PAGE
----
IDF: Asylum Seekers Aren't a Terror Threat, Their Bedouin Guides Are

IDF prevents terror attack on Israel-Egypt border by thwarting the second attempt in two weeks to place an explosive charge on the border.

No asylum seekers entering Israel illegally from Egypt have been found to be involved in terror activities, though the Bedouin guides who help them get into the country do pose a security risk, according to the Israel Defense Forces.

Security forces prevented a terror attack on the Israel-Egypt border Monday by thwarting the second attempt in two weeks to place an explosive charge on the border "using the criminal smuggling network in Sinai," an IDF officer told the media.

The Bedouin guides who help asylum seekers and other migrants entering the country illegally are "experts at moving people, merchandise and illegal foreigners, and at hostile actions," a senior IDF officer in the Southern Command said in a press briefing last week.

He said weapons have become prevalent when people and goods are smuggled in and that the guides are adept at traversing the border region's desert terrain.

Since 2005, sources in the IDF said, the smuggling has been motivated not only by financial gain but also by anti-Israel ideology, possibly because of the influence of fundamentalist Islam.

But the IDF has not substantiated any allegations that the illegal immigrants themselves themselves are involved in terrorism, despite warnings by several politicians and one lawmaker's statement that migrants who come to Israel from Sudan could become an Al-Qaida cell.

The IDF does think there is "potential" for illegal migrants to serve as a "basis for terror" activities, according to the Southern Command officer. "The presence of a weak population whose allegiance to a country is solely economic is a convenient petri dish for terror nests," he said.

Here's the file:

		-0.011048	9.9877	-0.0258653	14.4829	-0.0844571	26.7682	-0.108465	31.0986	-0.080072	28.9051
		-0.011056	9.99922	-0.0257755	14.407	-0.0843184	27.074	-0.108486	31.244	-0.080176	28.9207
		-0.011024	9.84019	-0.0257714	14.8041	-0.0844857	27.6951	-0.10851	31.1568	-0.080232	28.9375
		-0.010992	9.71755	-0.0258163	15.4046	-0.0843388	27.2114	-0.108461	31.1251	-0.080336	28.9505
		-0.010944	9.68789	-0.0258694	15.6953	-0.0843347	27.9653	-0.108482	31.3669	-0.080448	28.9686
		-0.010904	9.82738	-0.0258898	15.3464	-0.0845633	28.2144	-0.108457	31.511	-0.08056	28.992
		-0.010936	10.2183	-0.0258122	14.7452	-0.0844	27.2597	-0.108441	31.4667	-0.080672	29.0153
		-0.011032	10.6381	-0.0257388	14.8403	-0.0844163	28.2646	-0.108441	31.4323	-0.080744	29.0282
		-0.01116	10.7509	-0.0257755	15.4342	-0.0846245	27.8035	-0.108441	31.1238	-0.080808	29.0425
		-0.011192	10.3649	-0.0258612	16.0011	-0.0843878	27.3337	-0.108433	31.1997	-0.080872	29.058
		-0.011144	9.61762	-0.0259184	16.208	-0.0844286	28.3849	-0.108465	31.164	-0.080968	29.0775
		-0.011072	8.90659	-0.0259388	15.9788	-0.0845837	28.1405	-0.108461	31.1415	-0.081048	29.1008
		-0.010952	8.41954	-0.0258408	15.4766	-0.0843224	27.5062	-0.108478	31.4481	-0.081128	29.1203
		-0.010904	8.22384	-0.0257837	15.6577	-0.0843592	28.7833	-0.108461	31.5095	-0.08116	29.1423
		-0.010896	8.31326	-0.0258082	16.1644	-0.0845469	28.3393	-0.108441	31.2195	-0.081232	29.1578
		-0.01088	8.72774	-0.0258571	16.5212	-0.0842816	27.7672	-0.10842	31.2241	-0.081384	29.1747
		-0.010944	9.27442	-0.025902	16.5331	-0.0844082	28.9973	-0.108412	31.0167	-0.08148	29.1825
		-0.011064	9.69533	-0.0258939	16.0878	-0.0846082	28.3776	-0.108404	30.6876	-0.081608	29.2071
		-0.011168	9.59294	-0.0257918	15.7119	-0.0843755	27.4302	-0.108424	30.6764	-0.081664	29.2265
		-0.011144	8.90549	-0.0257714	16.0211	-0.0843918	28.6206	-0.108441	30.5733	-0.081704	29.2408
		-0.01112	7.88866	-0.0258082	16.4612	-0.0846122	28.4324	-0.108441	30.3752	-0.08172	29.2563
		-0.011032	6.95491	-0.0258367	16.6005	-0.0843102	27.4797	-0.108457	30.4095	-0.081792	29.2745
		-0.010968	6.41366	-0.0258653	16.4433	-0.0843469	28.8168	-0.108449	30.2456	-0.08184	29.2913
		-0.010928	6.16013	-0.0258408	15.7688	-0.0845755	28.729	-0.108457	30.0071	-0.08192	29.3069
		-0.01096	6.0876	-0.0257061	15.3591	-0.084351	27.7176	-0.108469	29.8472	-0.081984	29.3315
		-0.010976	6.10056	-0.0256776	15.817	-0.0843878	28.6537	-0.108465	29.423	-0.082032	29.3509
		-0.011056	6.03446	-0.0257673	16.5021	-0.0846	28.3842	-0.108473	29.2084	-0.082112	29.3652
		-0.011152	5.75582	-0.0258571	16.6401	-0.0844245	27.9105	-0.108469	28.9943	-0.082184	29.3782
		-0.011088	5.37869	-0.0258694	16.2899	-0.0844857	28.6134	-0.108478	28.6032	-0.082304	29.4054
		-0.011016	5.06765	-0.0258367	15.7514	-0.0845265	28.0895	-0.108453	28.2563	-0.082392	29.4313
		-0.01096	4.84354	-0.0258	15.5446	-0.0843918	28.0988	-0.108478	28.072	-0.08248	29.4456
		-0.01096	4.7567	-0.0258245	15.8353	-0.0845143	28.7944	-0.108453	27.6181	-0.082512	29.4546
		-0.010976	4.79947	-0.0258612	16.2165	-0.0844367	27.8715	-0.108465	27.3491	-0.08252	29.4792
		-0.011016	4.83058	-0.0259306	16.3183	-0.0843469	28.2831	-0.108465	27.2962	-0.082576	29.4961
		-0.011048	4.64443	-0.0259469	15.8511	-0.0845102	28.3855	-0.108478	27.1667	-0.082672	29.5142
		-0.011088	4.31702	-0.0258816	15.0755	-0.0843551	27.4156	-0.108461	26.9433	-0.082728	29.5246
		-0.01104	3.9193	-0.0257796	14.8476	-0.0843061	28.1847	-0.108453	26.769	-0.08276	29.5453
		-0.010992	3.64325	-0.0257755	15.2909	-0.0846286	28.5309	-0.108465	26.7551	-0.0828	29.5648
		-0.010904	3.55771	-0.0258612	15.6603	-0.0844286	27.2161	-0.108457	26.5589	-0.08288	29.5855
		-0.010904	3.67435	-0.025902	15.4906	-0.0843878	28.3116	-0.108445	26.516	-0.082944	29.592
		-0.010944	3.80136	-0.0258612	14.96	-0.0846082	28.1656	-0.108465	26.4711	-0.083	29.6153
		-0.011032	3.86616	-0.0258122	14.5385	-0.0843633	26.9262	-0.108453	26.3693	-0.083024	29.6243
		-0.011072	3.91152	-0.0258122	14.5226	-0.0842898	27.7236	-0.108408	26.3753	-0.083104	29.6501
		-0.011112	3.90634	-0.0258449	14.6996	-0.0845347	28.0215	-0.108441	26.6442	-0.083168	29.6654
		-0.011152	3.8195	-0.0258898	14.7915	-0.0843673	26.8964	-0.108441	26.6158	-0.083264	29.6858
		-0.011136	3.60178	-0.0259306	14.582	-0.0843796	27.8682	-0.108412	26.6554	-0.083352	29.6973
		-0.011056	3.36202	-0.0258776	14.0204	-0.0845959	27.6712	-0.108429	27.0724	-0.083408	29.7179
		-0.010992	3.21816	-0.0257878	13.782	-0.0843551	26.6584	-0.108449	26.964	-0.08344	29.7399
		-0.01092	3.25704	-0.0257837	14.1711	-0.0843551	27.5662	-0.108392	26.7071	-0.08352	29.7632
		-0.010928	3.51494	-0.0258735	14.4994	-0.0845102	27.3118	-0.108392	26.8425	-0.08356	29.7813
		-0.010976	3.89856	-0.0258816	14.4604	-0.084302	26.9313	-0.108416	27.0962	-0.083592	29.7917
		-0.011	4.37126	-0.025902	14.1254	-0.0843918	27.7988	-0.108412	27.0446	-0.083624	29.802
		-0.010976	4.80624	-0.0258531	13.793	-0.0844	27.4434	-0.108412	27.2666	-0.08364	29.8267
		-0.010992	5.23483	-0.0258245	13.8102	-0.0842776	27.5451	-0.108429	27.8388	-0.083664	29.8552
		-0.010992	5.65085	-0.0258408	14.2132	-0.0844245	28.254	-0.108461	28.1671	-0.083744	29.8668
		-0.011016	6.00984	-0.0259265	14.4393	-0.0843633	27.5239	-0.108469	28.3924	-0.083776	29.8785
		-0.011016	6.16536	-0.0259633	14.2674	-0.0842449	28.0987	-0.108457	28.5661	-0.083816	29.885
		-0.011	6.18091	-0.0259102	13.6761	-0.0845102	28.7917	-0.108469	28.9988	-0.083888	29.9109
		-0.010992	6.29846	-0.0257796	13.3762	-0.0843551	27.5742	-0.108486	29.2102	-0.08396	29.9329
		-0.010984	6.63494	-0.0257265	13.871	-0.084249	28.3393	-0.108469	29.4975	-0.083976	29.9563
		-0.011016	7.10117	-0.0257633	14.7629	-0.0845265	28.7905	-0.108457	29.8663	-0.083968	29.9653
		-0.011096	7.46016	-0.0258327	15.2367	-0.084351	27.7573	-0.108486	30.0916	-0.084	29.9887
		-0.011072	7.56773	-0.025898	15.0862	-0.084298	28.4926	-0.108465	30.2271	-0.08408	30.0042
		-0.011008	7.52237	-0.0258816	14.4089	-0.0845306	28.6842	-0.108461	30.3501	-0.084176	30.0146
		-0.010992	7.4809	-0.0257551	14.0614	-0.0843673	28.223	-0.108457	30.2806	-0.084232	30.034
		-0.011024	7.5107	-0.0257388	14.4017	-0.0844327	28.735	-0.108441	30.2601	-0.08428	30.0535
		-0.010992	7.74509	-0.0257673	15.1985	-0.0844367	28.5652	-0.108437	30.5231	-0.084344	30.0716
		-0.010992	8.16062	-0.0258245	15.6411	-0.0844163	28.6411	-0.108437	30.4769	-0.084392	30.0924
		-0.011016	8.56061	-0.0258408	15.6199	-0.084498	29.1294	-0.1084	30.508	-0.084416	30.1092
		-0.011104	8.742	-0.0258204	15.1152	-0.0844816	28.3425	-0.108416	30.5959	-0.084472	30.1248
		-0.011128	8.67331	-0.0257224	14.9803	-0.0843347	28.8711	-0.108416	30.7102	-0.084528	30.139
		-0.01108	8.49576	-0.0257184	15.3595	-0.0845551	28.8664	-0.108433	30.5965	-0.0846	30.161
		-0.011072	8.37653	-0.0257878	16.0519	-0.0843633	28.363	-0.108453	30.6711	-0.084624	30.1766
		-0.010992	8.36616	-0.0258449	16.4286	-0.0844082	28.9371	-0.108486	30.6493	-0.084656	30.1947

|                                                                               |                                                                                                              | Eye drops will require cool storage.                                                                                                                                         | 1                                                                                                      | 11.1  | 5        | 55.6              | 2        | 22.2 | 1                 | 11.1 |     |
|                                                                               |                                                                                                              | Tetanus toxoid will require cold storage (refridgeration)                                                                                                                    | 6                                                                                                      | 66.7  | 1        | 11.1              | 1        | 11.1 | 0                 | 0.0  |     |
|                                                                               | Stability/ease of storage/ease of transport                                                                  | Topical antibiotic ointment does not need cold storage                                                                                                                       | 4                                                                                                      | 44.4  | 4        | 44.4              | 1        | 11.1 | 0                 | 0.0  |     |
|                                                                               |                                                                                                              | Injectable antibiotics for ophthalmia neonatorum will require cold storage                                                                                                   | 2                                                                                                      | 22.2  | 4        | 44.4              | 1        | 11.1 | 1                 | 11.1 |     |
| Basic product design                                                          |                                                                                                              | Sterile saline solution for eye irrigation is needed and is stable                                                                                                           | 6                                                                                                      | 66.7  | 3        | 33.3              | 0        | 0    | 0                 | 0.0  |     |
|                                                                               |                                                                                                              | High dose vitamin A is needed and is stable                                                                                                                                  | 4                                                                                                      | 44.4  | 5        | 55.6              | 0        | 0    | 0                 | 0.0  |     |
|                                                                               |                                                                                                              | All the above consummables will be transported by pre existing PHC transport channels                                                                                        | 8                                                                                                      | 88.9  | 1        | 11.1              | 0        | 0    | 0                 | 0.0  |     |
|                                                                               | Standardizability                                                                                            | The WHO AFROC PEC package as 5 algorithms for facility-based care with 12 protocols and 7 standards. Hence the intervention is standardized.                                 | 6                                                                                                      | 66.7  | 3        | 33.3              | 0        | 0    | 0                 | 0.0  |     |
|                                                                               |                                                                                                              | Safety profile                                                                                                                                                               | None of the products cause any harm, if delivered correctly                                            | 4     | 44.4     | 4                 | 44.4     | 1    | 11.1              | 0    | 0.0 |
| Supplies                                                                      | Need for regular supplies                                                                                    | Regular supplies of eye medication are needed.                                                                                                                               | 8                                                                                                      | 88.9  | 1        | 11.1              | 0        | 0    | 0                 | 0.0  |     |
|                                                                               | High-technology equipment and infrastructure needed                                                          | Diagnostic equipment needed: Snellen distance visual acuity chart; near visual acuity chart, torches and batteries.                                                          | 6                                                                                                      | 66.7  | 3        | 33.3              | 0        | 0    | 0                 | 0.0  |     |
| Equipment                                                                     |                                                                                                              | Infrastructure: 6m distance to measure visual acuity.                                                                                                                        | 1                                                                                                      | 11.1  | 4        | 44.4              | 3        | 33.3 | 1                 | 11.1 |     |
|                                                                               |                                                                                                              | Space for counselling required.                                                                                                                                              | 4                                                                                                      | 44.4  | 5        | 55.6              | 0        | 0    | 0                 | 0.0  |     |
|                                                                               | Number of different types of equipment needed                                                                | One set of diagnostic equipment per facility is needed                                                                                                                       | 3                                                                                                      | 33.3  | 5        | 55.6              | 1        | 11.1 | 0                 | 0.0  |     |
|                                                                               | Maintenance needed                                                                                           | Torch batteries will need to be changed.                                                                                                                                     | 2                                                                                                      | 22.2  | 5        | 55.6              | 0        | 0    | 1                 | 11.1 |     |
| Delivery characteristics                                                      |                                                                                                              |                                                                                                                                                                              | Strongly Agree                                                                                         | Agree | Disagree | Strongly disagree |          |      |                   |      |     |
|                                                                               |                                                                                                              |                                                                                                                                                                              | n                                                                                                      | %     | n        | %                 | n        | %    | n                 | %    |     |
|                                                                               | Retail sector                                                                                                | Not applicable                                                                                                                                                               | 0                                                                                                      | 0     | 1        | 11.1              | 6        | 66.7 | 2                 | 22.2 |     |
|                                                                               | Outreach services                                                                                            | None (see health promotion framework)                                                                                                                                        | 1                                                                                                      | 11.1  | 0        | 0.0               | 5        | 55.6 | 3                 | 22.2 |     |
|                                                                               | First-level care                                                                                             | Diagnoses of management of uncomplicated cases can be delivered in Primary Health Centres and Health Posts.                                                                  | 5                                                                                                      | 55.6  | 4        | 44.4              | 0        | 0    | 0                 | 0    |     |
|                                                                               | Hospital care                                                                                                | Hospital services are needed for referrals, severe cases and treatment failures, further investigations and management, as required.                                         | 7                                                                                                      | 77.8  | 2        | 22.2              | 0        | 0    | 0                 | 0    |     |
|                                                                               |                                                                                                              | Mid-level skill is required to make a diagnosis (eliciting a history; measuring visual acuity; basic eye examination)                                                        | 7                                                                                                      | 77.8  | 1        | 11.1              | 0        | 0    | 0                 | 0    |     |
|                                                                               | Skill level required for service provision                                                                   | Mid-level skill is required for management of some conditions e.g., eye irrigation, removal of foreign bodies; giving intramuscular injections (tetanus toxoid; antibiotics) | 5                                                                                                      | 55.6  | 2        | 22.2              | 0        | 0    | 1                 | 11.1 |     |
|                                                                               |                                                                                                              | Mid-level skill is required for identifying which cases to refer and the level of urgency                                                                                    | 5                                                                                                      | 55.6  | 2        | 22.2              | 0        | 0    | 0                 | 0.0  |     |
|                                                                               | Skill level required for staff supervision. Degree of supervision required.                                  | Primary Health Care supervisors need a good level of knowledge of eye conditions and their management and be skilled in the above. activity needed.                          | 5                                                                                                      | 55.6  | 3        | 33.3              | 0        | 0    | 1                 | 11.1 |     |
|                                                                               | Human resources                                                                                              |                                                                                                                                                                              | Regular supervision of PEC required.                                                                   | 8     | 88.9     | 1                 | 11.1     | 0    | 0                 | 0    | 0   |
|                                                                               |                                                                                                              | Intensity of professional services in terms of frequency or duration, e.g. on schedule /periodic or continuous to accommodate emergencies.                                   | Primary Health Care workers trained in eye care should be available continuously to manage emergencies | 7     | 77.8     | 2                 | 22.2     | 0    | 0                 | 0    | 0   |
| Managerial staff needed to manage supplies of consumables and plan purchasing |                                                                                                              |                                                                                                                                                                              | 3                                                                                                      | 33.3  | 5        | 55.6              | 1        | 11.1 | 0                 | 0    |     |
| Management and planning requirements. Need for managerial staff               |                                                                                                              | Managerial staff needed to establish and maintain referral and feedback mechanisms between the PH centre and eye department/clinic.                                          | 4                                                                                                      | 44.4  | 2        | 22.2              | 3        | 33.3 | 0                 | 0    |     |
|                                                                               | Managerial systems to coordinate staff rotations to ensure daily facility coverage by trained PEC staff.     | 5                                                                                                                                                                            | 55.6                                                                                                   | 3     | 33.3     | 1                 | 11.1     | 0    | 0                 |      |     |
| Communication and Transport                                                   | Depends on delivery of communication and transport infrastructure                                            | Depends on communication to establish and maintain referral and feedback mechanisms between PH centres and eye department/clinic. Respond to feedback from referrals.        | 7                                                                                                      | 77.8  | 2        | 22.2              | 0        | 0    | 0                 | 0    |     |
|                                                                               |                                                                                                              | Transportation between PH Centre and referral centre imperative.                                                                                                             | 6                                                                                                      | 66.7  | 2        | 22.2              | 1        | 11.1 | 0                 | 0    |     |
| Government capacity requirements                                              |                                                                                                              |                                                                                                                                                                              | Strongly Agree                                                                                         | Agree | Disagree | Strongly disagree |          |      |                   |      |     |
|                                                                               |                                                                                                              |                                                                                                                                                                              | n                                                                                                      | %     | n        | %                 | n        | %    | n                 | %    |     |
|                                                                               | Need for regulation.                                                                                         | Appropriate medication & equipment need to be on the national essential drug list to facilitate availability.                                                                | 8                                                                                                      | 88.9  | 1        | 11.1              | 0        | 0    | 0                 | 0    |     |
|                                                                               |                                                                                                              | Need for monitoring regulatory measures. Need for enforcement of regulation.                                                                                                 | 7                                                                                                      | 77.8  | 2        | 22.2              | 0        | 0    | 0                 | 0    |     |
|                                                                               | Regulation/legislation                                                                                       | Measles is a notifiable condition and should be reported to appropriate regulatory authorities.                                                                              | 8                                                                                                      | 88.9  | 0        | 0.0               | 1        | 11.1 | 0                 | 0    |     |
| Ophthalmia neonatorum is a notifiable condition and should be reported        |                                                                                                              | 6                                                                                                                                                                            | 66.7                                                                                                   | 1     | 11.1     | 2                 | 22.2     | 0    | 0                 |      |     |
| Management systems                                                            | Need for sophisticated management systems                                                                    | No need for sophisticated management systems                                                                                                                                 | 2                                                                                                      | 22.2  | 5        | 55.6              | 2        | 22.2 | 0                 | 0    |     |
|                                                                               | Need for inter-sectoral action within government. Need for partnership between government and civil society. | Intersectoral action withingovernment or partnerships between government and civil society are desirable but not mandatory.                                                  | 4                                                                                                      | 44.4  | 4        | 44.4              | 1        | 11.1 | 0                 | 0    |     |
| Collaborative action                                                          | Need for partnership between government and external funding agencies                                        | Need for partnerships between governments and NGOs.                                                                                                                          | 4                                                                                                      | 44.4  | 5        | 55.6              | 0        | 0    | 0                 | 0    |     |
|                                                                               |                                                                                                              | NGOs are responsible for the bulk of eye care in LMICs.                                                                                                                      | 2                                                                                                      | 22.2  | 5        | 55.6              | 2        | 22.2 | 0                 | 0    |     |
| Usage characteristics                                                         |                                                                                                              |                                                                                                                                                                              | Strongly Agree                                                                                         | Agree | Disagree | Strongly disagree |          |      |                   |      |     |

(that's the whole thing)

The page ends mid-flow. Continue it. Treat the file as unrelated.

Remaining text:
But though five migrants have been placed under administrative detention for short periods on suspicion of terror activities, they have all been released because none of the allegations were substantiated, the officer said.

The comments follow multiple claims over the last few years that illegal immigrants constitute serious security risks.

Prime Minister Benjamin Netanyahu, on a visit to the Egyptian border last year, said the border had been breached "by a stream of illegal infiltrators, who penetrated Eilat, Arad, Tel Aviv - a stream that if we do not stop, can become much stronger."

"For this reason and for a second reason, which is terror, criminal activity, which we have also located over time, we have organized to stop this activity," he said.

In August MK Michael Ben Ari (National Union ) told the Knesset Interior and Environment Committee that infiltrators from Sudan were the foundation for Al-Qaida in the Middle East, and that he "would not let such bases be established in Israel, too."

And in 2009 Yaakov Ganot, then the director of the Population, Immigration and Border Authority, told Haaretz: "We know in principle about foreigners who leave their country and live for years in enemy countries, Syria, Lebanon, Iraq and Somalia. We checked and found that some have [a record of] security offenses."